Do the Rich Face Discrimination? An Examination of the ‘Creamy Layer’ Principle

The Discussion Map charts important debates from the pages of EPW.


Should reservation in education and employment exclude the prosperous among the backward classes?  


On 26 September 2018, the Supreme Court ruled that the “creamy layer” principle could be used to exclude the affluent from caste reservation benefits. The judgment has its critics who argue that excluding the creamy layer among the backward castes reservation quotas could lead to upper-caste homogeneity in institutes of higher education and government employment. The quota system was introduced as affirmative action against caste discrimination, which is unconnected to economic status.


In 2006, S Subramanian’s article addressed this issue by creating a model to prove that a reservation system that considered both caste and economic status was an effective measure to provide social justice. In response, K Sundaram and K Ravi Srinivas, in their respective articles, questioned Subramanian’s model that justified including the creamy layer in reservation quotas. Instead, they argued in favour of the group’s exclusion, maintaining that economic privilege entitled the creamy layer to their fair share of opportunities.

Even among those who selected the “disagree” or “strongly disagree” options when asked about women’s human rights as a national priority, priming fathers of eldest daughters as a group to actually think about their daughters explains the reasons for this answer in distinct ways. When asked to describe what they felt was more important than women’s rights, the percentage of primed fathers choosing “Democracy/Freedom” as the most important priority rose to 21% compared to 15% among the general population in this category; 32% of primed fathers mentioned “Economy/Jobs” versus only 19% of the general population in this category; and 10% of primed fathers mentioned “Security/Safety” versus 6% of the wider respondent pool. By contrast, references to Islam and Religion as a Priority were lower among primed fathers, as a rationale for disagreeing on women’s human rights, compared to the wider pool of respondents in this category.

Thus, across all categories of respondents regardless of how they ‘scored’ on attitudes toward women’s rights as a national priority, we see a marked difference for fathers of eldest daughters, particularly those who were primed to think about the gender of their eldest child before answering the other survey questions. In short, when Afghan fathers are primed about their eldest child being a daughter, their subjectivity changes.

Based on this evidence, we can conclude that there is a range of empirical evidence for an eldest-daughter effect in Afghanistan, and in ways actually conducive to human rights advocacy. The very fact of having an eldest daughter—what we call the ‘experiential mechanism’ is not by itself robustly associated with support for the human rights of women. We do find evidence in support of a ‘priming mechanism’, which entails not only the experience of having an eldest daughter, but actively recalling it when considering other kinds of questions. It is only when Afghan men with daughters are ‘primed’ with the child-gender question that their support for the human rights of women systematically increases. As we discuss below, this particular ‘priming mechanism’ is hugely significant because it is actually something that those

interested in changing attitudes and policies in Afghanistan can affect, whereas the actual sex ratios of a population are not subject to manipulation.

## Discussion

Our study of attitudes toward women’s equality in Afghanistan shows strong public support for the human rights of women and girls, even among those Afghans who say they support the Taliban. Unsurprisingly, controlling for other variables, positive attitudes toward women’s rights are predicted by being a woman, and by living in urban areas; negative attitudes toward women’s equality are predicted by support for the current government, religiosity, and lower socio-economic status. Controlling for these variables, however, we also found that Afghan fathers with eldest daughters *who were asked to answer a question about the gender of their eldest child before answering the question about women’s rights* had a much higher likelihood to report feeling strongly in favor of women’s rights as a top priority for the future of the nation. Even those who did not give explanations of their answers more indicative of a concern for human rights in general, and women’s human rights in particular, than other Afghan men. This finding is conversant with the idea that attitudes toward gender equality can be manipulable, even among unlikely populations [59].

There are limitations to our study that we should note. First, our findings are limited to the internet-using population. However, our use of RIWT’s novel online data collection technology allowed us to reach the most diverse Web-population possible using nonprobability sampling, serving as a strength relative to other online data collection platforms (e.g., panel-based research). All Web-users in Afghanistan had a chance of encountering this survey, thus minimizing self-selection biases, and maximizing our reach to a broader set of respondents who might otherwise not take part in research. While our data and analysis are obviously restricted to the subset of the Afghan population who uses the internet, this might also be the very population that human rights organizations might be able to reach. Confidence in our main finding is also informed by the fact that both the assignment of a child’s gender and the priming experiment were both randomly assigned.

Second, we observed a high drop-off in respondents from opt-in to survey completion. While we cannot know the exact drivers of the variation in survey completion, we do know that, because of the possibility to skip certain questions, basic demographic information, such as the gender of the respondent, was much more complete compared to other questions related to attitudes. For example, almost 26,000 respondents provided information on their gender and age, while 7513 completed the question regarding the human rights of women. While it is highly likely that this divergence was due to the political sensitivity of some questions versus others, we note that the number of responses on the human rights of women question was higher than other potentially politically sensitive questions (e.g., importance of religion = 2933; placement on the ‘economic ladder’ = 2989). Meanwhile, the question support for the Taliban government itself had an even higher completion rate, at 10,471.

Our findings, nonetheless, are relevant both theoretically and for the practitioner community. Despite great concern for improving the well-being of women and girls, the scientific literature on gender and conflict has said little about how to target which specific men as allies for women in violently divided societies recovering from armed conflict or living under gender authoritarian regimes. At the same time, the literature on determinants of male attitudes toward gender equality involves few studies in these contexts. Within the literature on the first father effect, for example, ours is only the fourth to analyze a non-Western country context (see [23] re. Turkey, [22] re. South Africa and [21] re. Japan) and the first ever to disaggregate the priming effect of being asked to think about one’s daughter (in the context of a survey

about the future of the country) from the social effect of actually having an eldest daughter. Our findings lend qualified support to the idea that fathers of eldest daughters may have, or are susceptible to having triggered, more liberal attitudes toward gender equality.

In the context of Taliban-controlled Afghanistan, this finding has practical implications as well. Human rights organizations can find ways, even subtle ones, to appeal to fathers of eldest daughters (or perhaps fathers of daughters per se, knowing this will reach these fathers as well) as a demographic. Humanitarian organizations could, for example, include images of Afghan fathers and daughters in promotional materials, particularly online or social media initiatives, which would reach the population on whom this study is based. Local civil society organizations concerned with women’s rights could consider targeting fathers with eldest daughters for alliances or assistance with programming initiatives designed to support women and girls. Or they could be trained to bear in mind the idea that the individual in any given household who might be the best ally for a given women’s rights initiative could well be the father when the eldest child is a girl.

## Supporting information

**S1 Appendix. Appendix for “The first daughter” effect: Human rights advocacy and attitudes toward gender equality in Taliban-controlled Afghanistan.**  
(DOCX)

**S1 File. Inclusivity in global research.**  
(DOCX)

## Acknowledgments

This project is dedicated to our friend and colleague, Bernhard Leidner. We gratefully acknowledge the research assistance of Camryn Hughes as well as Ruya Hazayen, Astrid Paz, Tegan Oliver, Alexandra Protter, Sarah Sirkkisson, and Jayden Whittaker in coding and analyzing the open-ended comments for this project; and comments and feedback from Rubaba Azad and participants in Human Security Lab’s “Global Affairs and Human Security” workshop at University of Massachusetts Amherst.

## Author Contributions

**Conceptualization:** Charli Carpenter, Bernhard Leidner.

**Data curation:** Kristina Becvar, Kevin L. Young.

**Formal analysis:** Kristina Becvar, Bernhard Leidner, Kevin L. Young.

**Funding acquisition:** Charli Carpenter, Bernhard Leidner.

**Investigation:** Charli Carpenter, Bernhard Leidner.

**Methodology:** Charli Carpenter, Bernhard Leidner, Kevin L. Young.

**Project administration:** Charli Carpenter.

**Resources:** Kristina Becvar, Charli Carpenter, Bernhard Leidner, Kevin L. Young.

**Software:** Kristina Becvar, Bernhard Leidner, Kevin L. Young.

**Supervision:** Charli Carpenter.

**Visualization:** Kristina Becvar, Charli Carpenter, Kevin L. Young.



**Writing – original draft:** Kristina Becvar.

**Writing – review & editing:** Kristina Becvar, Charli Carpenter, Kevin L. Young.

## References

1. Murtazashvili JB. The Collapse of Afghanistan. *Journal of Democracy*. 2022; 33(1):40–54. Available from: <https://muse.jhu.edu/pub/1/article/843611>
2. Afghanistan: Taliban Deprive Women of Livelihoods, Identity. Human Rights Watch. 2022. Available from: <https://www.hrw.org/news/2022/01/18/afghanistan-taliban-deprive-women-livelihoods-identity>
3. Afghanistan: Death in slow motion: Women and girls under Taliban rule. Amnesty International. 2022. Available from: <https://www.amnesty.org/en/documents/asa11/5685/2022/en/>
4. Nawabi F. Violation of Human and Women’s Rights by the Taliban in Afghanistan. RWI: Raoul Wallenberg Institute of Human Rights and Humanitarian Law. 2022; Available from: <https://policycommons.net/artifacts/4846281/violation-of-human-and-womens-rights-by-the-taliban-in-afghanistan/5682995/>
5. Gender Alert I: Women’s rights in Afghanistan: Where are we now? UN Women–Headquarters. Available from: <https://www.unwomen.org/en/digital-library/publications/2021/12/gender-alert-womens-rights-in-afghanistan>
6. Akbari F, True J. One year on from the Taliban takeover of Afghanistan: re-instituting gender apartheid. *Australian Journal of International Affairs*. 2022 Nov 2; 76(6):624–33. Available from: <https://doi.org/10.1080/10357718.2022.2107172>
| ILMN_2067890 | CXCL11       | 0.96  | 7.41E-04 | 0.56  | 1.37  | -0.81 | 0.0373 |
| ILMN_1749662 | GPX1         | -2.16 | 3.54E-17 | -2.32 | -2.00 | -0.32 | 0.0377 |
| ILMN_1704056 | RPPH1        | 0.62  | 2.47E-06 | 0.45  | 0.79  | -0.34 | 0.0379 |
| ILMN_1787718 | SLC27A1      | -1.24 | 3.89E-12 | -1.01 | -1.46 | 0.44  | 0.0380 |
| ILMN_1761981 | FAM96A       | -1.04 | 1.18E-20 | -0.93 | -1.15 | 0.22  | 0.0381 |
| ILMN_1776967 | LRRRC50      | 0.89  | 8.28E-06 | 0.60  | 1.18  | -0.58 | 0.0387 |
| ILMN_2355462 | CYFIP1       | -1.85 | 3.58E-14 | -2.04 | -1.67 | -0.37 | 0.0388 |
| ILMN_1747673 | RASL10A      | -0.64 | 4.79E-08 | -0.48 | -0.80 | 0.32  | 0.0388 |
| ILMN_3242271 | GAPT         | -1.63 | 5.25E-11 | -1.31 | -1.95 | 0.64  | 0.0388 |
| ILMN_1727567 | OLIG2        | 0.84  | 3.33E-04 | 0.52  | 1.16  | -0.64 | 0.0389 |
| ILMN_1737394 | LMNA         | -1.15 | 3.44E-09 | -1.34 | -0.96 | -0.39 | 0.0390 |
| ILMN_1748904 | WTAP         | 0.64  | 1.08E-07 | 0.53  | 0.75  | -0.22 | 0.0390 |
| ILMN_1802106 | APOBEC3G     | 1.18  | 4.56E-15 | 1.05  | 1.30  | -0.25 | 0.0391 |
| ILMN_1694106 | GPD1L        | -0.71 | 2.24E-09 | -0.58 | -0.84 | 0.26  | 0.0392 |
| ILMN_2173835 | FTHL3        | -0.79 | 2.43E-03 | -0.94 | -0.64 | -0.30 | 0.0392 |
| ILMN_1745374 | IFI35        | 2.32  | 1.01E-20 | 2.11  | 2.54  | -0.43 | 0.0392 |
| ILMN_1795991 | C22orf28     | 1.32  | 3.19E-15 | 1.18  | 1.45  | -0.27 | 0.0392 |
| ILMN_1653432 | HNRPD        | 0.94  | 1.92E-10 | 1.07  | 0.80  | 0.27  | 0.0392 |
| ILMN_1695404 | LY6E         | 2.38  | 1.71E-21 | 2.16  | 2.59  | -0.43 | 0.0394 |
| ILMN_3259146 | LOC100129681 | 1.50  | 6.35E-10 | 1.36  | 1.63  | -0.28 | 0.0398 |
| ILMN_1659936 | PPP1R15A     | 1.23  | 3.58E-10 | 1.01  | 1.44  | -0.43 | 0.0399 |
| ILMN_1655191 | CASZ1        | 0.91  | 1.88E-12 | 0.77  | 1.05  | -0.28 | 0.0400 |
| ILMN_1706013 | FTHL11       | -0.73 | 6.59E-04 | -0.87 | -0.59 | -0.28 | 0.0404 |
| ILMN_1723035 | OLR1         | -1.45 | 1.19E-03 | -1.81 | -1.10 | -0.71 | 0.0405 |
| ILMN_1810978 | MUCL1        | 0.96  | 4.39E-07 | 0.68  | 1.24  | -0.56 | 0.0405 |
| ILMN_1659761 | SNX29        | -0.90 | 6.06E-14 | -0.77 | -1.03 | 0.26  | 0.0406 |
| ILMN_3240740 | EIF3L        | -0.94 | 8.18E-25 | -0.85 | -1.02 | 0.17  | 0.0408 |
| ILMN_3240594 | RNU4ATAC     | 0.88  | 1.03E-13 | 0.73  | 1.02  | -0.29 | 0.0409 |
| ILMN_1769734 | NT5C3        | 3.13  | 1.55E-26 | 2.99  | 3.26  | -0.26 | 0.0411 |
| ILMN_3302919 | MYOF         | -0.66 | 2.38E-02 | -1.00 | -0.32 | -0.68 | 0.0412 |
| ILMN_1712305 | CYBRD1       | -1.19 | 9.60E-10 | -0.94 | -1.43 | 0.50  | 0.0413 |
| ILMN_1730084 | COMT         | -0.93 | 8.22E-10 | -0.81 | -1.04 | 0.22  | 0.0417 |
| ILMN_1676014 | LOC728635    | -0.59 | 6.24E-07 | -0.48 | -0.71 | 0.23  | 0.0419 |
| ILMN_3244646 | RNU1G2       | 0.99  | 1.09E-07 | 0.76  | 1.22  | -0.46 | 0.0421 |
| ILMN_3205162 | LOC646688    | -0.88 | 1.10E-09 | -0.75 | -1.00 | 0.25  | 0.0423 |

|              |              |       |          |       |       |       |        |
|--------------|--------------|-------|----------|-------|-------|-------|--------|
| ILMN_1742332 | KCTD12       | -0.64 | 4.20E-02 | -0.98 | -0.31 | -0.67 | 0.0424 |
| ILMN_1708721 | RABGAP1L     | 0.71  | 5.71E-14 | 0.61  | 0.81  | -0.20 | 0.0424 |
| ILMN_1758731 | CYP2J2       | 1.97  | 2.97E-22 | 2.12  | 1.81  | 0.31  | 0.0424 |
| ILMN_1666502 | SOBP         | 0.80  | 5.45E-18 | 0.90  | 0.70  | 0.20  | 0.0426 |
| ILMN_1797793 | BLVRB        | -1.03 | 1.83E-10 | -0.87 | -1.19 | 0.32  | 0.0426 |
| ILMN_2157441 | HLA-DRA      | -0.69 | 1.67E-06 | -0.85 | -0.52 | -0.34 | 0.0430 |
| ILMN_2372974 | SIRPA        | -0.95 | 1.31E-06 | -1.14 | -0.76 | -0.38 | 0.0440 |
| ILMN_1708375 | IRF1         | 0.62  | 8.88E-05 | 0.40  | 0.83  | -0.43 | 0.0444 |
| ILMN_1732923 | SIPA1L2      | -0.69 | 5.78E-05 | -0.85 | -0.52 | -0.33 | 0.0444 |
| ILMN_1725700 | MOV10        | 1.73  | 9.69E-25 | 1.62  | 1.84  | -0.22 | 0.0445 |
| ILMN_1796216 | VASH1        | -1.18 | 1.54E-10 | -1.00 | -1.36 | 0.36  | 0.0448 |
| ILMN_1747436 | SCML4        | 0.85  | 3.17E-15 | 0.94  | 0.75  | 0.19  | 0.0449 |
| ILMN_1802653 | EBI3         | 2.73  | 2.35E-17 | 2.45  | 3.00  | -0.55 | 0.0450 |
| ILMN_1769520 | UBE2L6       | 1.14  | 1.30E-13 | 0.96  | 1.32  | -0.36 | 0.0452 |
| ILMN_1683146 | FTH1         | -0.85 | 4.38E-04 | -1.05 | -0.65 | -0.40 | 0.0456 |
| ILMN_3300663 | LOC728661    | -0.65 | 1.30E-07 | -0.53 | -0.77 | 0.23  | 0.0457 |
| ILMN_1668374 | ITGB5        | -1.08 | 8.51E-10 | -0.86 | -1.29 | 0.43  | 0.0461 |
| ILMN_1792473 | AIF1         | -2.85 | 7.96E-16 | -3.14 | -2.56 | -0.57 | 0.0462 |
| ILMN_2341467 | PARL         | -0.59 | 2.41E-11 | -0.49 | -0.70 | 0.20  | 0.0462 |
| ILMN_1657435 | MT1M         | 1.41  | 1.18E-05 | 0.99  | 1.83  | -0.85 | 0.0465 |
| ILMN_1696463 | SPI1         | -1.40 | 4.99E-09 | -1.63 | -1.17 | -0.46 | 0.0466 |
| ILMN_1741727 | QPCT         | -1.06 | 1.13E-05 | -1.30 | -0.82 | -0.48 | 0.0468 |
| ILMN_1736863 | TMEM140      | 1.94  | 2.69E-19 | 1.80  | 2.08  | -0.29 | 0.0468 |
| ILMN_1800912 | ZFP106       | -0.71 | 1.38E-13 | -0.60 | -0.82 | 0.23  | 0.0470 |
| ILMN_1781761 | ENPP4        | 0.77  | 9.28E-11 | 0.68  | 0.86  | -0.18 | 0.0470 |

Subramanian responds to both criticisms, saying that his theorisation was only meant to convey the logic of a particular line of reasoning, and should not be considered as a literal representation of reality.



Click on the icons to read excerpts from the articles.

A few other works that have broadly responded to or are related to this discussion:
1. The ‘Creamy Layer’, Pradipta Chaudhury, 2004.
2. Myopic Oversight, EPW, 2006.
3. Policy Changes Needed on Reservations, K D Saxena, 2007.

Ed: To contribute to a more comprehensive discussion map, please share links to other relevant articles in the comments section or write to us at with the subject line—“Economic Affluence and Social Exclusion.”
[Curated by Kieran Lobo (]


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